4 p.m. The newly-weds prepare to leave, Helen in 'a travelling dress of ivory white velvets trimmed with satin and point d'Alencon'. Their suite follows and the 2nd Life Guards provide the escort; as they enter Windsor, the Graphic says the bands played the two anthems amid 'a heavy shower of slippers and rice .... eagerly scrambled for as soon as the carriages had gone by.'

4.15 p.m. They were ready to leave for Claremont and the younger princessess 'without their hats' waved goodbye from the top of the Long Walk. A telegram told Esher they had left.

Old Windsor There was an arch erected by the Royal Tapestry Works, which Leopold had done so much to encourage. The youngest daughter of the oldest workman, Antoinette, was lifted up by Mr. Henry, its manager, to present a bouquet.

Beaumont College The Rector received them and 'one of the lads' presented yet another bouquet, and others strewed roses over the carriages.

Chertsey Here the horses were changed, and by another truimphal arch, there was a guard of honour, Volunteers and Oddfellows and Foresters in their regalias. The Rev. C. Scott read an address and the Duke replied, Miss Wetton, of Abbey House presented a bouquet. It was now 5.20 and a second telegram warned Esher.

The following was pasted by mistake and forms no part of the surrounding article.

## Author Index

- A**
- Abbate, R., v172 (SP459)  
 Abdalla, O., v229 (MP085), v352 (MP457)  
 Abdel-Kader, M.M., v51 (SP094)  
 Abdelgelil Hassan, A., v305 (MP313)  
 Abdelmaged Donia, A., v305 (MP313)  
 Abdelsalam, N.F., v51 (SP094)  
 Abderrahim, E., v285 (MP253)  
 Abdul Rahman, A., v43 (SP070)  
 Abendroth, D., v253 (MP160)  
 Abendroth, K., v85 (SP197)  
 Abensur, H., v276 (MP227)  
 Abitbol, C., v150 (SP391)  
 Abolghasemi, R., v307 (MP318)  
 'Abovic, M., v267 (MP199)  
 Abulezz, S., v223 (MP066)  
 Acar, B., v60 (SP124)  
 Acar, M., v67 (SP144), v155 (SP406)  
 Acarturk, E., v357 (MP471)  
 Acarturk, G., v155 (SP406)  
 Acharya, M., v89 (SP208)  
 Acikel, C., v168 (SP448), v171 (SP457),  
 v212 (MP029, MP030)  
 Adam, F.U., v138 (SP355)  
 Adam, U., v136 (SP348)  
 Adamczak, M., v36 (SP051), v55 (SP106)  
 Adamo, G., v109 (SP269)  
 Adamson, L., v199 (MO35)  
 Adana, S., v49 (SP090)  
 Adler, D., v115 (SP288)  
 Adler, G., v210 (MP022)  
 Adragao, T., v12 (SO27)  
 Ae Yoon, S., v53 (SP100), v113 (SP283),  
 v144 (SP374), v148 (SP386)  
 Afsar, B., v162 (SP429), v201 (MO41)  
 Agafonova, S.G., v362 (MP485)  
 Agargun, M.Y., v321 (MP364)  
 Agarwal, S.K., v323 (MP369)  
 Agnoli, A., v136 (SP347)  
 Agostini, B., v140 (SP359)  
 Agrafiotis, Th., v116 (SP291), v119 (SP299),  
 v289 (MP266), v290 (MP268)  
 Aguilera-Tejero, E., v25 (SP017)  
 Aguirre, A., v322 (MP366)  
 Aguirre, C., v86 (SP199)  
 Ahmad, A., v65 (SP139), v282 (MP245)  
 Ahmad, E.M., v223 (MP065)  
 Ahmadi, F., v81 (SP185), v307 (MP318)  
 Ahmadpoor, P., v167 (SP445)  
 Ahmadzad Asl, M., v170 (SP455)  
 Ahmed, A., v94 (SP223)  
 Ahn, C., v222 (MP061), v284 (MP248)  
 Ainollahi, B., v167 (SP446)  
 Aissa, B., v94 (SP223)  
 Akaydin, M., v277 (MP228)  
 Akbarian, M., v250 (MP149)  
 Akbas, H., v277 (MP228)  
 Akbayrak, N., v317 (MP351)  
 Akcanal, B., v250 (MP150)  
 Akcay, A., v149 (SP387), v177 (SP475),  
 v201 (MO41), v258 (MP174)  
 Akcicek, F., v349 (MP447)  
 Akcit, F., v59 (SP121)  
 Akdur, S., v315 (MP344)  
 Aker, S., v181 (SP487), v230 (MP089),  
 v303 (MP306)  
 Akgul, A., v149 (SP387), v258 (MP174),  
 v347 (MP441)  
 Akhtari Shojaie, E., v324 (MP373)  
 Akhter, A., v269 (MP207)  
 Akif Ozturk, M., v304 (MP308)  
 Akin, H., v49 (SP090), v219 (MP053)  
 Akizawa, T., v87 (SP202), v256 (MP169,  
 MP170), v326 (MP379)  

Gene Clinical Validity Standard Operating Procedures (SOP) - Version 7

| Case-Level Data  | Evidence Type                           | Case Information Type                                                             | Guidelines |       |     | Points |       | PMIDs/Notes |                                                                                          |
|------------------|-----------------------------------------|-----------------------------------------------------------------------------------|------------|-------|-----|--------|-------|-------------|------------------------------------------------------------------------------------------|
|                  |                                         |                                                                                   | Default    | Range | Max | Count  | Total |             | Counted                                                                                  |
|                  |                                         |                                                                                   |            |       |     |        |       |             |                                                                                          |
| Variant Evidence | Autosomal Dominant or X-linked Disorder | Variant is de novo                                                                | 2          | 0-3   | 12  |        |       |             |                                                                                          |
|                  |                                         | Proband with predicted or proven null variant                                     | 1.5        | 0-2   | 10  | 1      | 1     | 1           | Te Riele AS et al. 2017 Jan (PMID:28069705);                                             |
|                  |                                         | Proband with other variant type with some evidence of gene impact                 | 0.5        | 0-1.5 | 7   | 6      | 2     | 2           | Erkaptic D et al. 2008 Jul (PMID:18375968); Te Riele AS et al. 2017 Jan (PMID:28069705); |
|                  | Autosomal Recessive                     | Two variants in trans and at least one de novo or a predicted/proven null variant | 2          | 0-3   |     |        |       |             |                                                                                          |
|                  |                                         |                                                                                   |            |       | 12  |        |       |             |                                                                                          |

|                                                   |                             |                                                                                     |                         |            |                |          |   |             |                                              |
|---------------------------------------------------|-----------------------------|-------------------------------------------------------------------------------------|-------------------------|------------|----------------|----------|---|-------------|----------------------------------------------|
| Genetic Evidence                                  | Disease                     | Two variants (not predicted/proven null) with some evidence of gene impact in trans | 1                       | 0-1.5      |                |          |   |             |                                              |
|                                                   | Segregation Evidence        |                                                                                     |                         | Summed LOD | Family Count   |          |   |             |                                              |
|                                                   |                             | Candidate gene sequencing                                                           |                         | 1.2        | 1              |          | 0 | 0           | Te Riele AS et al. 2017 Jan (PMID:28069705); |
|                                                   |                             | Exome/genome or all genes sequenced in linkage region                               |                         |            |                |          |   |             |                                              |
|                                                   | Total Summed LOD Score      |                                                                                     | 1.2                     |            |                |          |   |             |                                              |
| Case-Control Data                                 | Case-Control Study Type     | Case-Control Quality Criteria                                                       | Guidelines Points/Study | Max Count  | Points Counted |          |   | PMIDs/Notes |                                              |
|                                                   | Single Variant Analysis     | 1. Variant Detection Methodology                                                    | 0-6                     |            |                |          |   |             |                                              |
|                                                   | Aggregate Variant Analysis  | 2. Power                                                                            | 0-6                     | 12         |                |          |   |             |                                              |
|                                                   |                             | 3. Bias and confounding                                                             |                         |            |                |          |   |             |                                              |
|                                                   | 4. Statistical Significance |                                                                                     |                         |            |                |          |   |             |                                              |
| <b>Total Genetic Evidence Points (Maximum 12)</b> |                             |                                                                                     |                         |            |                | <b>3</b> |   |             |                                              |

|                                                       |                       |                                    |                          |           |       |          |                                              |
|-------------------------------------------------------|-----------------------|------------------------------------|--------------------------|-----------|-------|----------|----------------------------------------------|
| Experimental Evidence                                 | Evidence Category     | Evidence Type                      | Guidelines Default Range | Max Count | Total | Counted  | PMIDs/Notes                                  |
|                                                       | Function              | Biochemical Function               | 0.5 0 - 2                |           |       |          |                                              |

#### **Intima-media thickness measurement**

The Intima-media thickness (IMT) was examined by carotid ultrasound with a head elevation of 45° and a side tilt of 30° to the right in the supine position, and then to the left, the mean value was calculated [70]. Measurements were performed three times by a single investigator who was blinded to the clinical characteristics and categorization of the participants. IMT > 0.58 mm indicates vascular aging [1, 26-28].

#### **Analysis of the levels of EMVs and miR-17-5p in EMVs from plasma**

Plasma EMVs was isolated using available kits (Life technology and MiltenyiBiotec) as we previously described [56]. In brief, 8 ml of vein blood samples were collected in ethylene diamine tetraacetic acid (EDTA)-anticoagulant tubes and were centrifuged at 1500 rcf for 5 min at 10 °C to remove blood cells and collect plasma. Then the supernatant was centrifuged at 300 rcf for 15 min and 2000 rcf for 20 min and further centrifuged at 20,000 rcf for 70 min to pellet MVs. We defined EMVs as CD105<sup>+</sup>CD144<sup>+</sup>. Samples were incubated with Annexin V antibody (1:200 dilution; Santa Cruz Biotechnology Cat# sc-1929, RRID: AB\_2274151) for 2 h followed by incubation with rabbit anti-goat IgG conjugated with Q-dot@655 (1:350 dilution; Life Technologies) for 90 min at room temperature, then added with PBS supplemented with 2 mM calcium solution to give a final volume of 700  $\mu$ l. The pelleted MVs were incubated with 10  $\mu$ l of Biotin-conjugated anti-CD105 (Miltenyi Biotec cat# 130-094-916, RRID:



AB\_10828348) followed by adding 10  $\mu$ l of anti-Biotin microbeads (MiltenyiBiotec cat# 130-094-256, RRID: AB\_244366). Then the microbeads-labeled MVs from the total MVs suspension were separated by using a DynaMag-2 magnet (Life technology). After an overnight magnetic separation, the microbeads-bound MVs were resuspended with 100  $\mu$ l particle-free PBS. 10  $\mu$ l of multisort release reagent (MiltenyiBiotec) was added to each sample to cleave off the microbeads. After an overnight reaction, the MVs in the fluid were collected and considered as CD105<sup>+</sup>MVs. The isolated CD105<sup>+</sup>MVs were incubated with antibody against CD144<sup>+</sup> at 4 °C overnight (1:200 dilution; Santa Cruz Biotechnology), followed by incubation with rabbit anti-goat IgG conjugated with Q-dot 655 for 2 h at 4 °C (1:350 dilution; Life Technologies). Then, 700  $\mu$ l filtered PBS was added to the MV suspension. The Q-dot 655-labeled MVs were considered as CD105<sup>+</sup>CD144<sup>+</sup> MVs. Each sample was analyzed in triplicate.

Weybridge No less then three arches had been erected, as the party entered Church Street, where it joined High Street, and opposite the Congregational Church in Queen's Road. The Surrey Fire Brigades provided the guard of honour.

Esher As the royal party crossed the Mole from Hersham, Christchurch bells rang out to show they were now in Esher parish. They came up Lammas Lane to Esher Green through cheering crowds, passed under the decorations in Church Street, and stopped on Bear Green where the Rector read the illuminated address and the Duke replied, saying 'We congratulate ourselves on possessing Claremont as a residence .... we hopefully anticipate spending the greater portion of our lives here.' Lady Brett then presented a bouquet and the procession passed under the Claremont Lane arches and entered Claremont to begin their honeymoon.

CELEBRATIONS At Windsor the Queen gave a banquet in St. George's Hall for the visiting royalty; Windsor was illuminated, in particular 'an electric light shone on the Round Tower as was visible for miles around'. In Esher , Church Street was lit up by lanterns and there was a firework display on Esher Green, while at the Marquis of Granby, there was a special garden party in a marquee, with dancing from 7 p.m. to 2 a.m. tickets were 1/- each and F. Hodson's Quadrille Band and efficient M.C.s.

ADDENDUM On Sunday, Feb. 25th 1883, the Duchess of Albany gave birth to a daughter at Windsor Castle, later to be christened Alice, Mary, Victoria, Augusta, Pauline, later still to be Countess of Athlone, and the last surviving grand-daughter of Queen Victoria until her death, Jan. 3rd, 1981. Copyright - Esher District Local History Society 1982.